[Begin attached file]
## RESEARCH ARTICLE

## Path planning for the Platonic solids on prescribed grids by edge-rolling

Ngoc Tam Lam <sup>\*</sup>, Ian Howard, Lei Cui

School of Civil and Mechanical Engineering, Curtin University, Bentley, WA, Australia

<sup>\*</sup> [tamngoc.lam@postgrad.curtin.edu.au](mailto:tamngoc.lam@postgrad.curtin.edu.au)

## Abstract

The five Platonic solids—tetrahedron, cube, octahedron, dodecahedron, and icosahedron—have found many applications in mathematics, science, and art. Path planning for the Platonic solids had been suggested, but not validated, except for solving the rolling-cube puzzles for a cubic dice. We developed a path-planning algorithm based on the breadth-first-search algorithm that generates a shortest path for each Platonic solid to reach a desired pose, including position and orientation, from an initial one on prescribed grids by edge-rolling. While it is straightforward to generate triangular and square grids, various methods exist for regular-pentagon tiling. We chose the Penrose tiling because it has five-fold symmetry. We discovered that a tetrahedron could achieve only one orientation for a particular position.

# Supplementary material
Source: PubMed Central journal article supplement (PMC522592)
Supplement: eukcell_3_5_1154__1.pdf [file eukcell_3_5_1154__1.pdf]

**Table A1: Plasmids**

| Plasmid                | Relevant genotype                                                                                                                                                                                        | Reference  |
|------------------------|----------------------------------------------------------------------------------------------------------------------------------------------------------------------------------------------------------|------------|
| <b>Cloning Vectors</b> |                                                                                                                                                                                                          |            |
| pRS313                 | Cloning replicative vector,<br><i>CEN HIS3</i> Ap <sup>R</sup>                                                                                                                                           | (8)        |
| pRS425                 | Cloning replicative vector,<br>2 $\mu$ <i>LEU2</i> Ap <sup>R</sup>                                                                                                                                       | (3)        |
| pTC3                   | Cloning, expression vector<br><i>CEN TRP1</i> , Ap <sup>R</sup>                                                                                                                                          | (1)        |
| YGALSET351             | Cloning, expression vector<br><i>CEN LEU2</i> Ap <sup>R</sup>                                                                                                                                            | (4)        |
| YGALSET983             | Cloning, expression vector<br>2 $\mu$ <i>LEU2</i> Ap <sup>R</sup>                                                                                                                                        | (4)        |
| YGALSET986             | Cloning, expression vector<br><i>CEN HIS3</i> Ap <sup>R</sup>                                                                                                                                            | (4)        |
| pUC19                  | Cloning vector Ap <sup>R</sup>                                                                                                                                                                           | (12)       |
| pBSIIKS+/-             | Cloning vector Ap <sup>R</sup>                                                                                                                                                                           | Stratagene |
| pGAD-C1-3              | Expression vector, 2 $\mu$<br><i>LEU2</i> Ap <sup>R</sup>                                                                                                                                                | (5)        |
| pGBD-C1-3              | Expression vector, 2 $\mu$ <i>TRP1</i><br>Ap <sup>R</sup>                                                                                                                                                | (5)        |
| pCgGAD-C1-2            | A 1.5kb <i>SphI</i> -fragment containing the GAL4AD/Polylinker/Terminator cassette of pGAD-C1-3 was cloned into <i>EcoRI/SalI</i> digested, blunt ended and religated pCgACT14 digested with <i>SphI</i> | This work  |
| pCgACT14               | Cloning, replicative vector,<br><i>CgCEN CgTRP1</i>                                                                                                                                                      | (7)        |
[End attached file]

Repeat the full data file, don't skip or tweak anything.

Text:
## RESEARCH ARTICLE

## Path planning for the Platonic solids on prescribed grids by edge-rolling

Ngoc Tam Lam <sup>\*</sup>, Ian Howard, Lei Cui

School of Civil and Mechanical Engineering, Curtin University, Bentley, WA, Australia

<sup>\*</sup> [tamngoc.lam@postgrad.curtin.edu.au](mailto:tamngoc.lam@postgrad.curtin.edu.au)

## Abstract

The five Platonic solids—tetrahedron, cube, octahedron, dodecahedron, and icosahedron—have found many applications in mathematics, science, and art. Path planning for the Platonic solids had been suggested, but not validated, except for solving the rolling-cube puzzles for a cubic dice. We developed a path-planning algorithm based on the breadth-first-search algorithm that generates a shortest path for each Platonic solid to reach a desired pose, including position and orientation, from an initial one on prescribed grids by edge-rolling. While it is straightforward to generate triangular and square grids, various methods exist for regular-pentagon tiling. We chose the Penrose tiling because it has five-fold symmetry. We discovered that a tetrahedron could achieve only one orientation for a particular position.

# Supplementary material
Source: PubMed Central journal article supplement (PMC522592)
Supplement: eukcell_3_5_1154__1.pdf [file eukcell_3_5_1154__1.pdf]

**Table A1: Plasmids**

| Plasmid                | Relevant genotype                                                                                                                                                                                        | Reference  |
|------------------------|----------------------------------------------------------------------------------------------------------------------------------------------------------------------------------------------------------|------------|
| <b>Cloning Vectors</b> |                                                                                                                                                                                                          |            |
| pRS313                 | Cloning replicative vector,<br><i>CEN HIS3</i> Ap <sup>R</sup>                                                                                                                                           | (8)        |
| pRS425                 | Cloning replicative vector,<br>2 $\mu$ <i>LEU2</i> Ap <sup>R</sup>                                                                                                                                       | (3)        |
| pTC3                   | Cloning, expression vector<br><i>CEN TRP1</i> , Ap <sup>R</sup>                                                                                                                                          | (1)        |
| YGALSET351             | Cloning, expression vector<br><i>CEN LEU2</i> Ap <sup>R</sup>                                                                                                                                            | (4)        |
| YGALSET983             | Cloning, expression vector<br>2 $\mu$ <i>LEU2</i> Ap <sup>R</sup>                                                                                                                                        | (4)        |
| YGALSET986             | Cloning, expression vector<br><i>CEN HIS3</i> Ap <sup>R</sup>                                                                                                                                            | (4)        |
| pUC19                  | Cloning vector Ap <sup>R</sup>                                                                                                                                                                           | (12)       |
| pBSIIKS+/-             | Cloning vector Ap <sup>R</sup>                                                                                                                                                                           | Stratagene |
| pGAD-C1-3              | Expression vector, 2 $\mu$<br><i>LEU2</i> Ap <sup>R</sup>                                                                                                                                                | (5)        |
| pGBD-C1-3              | Expression vector, 2 $\mu$ <i>TRP1</i><br>Ap <sup>R</sup>                                                                                                                                                | (5)        |
| pCgGAD-C1-2            | A 1.5kb <i>SphI</i> -fragment containing the GAL4AD/Polylinker/Terminator cassette of pGAD-C1-3 was cloned into <i>EcoRI/SalI</i> digested, blunt ended and religated pCgACT14 digested with <i>SphI</i> | This work  |
| pCgACT14               | Cloning, replicative vector,<br><i>CgCEN CgTRP1</i>                                                                                                                                                      | (7)        |